Other than the saddle being the small little piece of hardwood at the bottom of the violin that the tail gut sits on to prevent the table (top) of the instrument from getting damaged, it has an adjustable sonic function as well.
If the height of the nut is low then the angle of the string to the tailpiece will be greater which translates to greater pressure on the table resulting in a brighter tone.
In the case of instruments that have too much pressure on the table a higher saddle will regulate for dampened sound. This is often a last measure to be visited after having worked through all the other sound altering regulations.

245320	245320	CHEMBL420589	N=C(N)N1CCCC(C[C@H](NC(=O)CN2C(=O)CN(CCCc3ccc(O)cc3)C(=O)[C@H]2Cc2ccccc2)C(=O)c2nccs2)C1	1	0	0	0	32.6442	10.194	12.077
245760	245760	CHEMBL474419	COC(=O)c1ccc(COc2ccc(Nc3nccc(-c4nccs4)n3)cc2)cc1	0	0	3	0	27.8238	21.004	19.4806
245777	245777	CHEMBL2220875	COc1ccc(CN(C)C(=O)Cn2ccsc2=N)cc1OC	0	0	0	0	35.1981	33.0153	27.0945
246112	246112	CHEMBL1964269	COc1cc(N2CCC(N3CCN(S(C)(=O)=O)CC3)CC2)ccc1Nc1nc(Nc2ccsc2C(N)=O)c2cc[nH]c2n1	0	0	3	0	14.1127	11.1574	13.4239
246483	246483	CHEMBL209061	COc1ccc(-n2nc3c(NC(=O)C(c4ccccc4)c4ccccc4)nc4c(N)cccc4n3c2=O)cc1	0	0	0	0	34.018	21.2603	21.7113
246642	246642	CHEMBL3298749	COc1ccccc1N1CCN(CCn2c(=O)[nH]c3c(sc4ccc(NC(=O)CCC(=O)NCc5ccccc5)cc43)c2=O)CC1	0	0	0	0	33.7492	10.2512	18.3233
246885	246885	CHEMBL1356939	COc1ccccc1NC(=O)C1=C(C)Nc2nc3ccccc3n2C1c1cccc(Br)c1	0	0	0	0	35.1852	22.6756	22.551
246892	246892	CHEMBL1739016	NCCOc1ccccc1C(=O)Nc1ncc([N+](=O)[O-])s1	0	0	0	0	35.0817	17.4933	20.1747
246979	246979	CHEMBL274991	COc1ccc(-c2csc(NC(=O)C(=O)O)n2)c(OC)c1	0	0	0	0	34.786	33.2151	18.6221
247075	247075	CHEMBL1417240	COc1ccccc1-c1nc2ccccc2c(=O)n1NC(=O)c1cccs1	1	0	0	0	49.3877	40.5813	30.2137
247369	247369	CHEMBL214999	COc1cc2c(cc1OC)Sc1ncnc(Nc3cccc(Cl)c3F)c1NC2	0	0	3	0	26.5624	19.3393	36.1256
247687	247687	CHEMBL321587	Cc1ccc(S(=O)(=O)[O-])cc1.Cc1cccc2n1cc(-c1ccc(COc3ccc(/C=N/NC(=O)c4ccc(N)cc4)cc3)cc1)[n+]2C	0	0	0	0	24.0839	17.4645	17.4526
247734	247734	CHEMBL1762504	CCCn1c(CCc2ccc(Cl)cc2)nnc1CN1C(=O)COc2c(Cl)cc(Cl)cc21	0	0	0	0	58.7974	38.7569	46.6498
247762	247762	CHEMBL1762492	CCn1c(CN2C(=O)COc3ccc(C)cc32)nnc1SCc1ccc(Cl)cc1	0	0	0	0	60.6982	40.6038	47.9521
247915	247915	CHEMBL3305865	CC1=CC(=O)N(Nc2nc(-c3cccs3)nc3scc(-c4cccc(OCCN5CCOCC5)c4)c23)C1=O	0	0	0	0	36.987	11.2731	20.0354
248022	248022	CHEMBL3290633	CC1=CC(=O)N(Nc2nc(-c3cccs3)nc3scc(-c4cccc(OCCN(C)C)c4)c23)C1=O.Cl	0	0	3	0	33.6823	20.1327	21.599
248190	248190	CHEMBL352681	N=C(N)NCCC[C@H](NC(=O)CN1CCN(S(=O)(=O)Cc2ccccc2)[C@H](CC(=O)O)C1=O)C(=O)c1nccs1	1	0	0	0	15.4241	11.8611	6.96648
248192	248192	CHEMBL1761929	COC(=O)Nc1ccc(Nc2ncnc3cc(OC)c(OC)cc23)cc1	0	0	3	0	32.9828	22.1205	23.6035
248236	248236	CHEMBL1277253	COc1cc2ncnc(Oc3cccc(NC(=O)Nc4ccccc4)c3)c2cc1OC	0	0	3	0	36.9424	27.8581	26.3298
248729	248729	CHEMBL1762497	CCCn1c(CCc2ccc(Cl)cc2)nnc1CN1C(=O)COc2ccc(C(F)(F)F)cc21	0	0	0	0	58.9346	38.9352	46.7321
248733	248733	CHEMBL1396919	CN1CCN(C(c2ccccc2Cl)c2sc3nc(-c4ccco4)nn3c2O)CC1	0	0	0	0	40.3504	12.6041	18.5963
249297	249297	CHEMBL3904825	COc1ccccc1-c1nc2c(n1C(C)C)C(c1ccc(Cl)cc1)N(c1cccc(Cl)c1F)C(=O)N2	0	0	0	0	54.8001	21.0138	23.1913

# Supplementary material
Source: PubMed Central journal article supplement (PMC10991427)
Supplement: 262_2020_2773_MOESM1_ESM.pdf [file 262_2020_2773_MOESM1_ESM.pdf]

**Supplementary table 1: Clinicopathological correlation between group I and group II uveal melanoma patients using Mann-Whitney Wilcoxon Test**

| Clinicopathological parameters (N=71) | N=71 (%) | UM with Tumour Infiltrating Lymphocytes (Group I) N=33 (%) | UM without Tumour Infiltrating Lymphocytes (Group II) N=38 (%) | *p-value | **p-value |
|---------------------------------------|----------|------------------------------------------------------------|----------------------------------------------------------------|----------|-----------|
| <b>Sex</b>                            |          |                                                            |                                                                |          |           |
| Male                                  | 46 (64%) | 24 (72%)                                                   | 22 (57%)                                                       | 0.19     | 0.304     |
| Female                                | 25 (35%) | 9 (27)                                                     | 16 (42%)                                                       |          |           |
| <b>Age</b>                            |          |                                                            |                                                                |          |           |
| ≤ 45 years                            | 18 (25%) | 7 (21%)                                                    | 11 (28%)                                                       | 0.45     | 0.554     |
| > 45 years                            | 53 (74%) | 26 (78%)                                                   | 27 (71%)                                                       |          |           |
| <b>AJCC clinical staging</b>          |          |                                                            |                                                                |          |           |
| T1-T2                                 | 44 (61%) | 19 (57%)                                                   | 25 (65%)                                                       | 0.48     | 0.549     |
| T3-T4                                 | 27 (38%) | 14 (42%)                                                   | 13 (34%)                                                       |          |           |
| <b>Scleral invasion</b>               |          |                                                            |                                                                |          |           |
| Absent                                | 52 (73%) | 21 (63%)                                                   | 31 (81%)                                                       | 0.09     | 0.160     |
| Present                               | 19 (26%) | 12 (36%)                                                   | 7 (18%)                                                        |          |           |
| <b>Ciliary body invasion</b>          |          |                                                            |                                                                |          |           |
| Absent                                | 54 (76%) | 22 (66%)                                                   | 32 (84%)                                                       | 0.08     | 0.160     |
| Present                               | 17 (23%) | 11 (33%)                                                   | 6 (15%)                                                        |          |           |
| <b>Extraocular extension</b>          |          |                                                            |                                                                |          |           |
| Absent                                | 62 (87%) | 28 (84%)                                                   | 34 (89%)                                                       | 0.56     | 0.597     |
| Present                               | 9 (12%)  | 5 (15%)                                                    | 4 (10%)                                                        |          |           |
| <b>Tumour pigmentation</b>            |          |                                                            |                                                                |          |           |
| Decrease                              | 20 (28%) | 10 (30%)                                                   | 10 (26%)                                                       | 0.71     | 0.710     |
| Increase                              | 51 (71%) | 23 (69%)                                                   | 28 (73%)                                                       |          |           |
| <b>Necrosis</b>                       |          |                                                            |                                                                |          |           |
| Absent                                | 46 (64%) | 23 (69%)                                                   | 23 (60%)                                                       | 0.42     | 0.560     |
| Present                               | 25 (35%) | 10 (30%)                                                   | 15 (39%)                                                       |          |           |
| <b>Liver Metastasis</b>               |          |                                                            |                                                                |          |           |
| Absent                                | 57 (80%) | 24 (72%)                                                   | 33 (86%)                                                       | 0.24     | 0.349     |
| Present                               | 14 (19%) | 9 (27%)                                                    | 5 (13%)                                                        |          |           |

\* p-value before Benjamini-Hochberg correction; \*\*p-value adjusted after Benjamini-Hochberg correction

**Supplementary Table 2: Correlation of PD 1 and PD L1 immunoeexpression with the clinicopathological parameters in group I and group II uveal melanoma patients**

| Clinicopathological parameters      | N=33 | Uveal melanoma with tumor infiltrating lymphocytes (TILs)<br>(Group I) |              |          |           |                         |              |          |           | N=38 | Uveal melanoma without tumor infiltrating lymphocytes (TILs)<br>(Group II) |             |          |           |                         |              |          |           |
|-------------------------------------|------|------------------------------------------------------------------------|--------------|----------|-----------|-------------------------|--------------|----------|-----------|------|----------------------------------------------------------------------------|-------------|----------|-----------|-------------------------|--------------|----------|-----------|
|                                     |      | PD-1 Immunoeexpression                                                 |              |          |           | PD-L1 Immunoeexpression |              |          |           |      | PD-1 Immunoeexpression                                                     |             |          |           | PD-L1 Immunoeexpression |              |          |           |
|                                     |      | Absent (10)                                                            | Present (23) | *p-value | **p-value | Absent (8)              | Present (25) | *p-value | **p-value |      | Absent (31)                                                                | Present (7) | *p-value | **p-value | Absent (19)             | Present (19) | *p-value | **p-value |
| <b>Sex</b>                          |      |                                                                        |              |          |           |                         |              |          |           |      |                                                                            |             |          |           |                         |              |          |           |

Note. A tightly fitted saddle on the sides is not wise and can be seen on many instruments where cracks develop on either side of it. These cracks can travel all the way up the instrument along the grain which can cause a sound post crack, if on the treble side, or a crack close to the bass bar on the bass side. The reason for these cracks is because of seasonal changes (wet and dry) causing the two different woods to expand and contract.
For a seemingly insignificant piece of wood, it has its place when looking at, sonic effects and potential damage.